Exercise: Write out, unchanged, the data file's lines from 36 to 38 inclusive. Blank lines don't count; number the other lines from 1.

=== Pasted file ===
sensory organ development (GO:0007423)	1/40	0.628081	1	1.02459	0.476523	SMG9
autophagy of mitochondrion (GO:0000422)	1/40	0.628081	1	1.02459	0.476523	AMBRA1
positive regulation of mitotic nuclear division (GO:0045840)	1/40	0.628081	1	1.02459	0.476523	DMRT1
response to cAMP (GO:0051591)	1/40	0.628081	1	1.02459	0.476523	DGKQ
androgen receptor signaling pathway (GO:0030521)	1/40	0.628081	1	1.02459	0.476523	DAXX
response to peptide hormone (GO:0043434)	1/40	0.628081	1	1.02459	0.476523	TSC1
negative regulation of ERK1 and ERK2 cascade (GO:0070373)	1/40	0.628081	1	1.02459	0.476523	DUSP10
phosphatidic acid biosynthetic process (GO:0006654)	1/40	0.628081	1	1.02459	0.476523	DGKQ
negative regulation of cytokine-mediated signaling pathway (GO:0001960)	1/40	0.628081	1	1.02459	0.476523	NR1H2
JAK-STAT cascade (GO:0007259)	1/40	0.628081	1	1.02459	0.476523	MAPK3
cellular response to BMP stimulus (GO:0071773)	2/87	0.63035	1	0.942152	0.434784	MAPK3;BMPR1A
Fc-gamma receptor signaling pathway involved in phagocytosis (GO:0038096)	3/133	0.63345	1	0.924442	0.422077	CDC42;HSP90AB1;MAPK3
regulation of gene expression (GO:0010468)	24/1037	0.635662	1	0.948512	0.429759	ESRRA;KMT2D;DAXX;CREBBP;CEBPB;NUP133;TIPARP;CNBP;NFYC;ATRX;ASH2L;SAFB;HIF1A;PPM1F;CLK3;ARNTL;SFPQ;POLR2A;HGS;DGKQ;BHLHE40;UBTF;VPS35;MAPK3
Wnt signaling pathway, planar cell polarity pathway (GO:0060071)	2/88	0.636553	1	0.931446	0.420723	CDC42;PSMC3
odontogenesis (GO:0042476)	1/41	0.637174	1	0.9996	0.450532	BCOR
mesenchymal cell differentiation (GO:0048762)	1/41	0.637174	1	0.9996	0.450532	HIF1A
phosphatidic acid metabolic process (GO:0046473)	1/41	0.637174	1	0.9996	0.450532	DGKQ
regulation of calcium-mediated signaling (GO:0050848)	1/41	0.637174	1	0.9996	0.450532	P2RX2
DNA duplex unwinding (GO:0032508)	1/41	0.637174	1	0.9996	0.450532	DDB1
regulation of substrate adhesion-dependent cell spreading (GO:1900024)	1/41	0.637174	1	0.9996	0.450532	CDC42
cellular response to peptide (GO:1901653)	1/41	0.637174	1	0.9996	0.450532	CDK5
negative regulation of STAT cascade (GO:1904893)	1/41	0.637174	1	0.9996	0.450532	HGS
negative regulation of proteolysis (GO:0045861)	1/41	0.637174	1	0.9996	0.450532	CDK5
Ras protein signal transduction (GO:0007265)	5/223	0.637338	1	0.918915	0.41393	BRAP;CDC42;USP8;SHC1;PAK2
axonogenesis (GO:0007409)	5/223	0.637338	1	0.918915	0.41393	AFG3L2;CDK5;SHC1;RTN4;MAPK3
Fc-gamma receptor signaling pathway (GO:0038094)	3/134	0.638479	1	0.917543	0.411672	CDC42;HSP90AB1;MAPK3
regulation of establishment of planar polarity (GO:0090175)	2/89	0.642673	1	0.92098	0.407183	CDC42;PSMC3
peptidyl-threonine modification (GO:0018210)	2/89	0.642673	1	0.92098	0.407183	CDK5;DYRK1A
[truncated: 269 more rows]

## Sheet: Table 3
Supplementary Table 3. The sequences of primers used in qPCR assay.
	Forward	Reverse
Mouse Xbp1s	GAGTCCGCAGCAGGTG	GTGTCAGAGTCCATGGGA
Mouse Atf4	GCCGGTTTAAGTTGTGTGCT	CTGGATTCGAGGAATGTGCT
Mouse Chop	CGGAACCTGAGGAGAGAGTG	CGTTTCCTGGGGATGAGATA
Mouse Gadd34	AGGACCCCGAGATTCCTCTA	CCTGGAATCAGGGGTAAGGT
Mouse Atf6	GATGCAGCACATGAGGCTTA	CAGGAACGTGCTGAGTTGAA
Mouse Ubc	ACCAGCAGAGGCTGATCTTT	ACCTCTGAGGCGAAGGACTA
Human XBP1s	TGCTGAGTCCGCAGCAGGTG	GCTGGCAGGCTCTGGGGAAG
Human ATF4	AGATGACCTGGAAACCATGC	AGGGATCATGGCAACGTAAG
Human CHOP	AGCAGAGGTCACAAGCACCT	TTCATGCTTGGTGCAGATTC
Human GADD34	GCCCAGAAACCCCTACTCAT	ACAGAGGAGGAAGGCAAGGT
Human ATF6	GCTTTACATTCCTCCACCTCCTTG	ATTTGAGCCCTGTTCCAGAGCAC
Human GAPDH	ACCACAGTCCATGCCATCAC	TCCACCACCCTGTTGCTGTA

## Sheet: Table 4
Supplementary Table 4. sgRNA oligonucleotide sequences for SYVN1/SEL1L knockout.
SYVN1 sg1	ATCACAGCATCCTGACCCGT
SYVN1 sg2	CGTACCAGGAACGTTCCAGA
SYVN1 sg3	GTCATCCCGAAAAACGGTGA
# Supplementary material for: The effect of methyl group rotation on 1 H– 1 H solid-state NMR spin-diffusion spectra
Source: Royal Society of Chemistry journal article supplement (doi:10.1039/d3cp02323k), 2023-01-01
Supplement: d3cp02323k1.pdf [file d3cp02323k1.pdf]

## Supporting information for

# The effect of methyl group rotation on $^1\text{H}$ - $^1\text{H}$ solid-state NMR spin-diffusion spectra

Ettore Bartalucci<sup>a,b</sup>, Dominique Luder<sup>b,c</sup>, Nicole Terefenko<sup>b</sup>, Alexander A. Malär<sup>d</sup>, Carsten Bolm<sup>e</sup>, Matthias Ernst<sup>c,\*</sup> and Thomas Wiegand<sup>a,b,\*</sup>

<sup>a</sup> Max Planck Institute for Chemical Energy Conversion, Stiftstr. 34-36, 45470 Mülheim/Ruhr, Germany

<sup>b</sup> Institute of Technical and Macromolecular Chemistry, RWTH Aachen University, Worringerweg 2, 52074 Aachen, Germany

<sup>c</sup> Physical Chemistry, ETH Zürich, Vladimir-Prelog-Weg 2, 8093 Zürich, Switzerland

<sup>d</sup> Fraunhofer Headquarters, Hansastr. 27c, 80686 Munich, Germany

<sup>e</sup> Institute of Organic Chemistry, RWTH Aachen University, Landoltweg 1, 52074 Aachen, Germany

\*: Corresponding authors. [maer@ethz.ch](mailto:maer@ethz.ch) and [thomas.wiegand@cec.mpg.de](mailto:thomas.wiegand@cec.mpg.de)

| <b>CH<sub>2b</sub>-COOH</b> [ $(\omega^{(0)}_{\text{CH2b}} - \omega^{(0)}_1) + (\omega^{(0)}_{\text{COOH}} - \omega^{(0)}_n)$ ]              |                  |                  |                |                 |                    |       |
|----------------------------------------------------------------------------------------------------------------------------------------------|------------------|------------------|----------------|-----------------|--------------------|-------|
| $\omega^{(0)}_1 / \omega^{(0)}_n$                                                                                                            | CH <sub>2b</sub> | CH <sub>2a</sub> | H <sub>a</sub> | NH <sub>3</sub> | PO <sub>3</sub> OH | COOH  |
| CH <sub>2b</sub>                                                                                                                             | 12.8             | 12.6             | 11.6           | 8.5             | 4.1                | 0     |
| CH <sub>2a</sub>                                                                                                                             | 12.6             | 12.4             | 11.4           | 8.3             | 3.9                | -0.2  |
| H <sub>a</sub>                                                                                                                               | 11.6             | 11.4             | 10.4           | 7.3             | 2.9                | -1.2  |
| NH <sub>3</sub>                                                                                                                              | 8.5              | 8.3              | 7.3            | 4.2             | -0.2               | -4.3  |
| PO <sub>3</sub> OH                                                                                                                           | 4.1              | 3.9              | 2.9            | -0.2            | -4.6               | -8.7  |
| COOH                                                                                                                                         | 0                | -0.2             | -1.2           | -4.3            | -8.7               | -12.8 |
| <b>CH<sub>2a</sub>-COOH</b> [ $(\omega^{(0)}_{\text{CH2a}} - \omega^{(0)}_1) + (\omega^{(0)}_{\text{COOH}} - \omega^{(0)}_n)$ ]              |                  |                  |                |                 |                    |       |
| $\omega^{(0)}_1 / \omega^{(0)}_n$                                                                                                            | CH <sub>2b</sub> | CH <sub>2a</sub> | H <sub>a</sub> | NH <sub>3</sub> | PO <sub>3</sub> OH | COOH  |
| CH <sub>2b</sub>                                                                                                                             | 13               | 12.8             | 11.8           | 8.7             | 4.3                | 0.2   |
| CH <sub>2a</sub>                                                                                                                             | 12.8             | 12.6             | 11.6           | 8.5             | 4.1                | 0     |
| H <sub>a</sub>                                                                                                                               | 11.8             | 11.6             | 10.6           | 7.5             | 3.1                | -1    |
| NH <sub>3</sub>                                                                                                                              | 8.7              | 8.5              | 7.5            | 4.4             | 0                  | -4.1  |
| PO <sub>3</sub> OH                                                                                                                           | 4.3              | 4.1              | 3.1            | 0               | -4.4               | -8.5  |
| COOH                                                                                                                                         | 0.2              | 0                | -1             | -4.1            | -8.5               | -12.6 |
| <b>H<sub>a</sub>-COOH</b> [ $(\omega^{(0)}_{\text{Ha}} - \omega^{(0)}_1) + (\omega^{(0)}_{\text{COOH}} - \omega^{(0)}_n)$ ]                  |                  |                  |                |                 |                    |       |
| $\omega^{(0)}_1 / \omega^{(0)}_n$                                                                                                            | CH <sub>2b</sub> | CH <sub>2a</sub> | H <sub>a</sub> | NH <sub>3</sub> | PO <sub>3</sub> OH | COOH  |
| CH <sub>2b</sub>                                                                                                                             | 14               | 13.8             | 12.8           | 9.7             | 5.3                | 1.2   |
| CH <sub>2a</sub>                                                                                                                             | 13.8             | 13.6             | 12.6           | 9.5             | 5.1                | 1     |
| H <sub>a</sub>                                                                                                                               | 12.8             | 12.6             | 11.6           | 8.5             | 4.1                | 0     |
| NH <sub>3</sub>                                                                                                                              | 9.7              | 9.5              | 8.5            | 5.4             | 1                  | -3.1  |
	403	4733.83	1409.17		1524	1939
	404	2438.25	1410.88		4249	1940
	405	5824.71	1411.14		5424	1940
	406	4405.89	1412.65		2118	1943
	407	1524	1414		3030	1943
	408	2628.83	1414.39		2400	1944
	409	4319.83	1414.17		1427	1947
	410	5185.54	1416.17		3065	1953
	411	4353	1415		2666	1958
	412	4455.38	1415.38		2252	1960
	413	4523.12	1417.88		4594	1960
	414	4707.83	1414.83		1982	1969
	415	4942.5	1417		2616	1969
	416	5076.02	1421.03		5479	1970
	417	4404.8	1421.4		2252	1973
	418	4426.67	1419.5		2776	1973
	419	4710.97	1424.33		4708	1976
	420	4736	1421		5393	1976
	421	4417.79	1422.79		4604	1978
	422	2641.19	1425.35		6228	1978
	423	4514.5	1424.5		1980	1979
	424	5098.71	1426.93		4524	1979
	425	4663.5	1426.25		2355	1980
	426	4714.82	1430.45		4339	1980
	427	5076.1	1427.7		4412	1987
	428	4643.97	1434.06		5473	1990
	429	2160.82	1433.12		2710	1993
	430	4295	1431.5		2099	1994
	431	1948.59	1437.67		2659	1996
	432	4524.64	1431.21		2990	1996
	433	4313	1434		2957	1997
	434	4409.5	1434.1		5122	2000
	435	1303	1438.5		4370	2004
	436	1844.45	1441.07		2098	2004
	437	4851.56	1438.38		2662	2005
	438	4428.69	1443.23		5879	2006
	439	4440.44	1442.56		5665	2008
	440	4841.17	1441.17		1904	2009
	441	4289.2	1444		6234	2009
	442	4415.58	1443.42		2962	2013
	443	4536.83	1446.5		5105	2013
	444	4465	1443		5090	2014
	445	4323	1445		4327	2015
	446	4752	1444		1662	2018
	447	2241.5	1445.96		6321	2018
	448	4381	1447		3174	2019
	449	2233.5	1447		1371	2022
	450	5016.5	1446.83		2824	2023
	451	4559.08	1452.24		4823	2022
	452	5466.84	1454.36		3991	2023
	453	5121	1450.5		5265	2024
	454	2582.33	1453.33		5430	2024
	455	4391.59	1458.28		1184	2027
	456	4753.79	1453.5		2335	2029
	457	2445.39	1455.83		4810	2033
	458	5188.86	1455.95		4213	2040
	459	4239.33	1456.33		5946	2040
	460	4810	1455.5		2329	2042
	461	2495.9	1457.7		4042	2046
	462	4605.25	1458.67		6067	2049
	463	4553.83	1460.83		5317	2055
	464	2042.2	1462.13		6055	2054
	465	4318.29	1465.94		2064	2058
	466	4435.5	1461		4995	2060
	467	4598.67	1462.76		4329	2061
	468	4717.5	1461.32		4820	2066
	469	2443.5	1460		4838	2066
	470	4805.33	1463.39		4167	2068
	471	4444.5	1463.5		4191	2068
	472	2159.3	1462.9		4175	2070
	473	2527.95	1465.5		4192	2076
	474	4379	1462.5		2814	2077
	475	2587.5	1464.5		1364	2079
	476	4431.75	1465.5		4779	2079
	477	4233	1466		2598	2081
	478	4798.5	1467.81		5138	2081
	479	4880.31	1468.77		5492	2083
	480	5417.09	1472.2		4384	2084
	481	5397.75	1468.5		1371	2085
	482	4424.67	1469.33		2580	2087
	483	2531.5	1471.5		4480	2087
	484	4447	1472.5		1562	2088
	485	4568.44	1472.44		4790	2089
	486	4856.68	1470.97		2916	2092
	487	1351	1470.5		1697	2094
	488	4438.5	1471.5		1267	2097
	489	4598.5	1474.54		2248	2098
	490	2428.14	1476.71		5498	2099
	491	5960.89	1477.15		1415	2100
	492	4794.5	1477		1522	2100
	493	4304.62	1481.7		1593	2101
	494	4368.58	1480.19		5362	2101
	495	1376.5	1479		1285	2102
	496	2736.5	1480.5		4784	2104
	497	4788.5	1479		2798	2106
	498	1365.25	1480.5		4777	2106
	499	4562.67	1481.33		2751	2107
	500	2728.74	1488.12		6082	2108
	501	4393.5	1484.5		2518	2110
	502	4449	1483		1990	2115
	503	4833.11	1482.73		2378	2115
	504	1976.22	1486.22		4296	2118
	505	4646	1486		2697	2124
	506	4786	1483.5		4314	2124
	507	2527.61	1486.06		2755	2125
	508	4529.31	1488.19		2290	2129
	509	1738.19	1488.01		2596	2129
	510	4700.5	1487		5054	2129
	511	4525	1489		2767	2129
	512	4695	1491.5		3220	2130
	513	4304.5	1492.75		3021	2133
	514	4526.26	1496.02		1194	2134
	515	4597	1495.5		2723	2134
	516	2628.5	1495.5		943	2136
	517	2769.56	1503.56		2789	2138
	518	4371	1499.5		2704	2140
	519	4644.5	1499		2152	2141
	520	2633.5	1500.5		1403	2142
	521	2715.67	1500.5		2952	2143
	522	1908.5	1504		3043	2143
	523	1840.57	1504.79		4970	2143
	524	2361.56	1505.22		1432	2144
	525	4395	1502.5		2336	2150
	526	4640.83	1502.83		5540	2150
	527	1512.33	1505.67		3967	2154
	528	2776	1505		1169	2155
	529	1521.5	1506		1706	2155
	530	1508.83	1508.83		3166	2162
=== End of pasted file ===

Mouse Gadd34	AGGACCCCGAGATTCCTCTA	CCTGGAATCAGGGGTAAGGT
Mouse Atf6	GATGCAGCACATGAGGCTTA	CAGGAACGTGCTGAGTTGAA
Mouse Ubc	ACCAGCAGAGGCTGATCTTT	ACCTCTGAGGCGAAGGACTA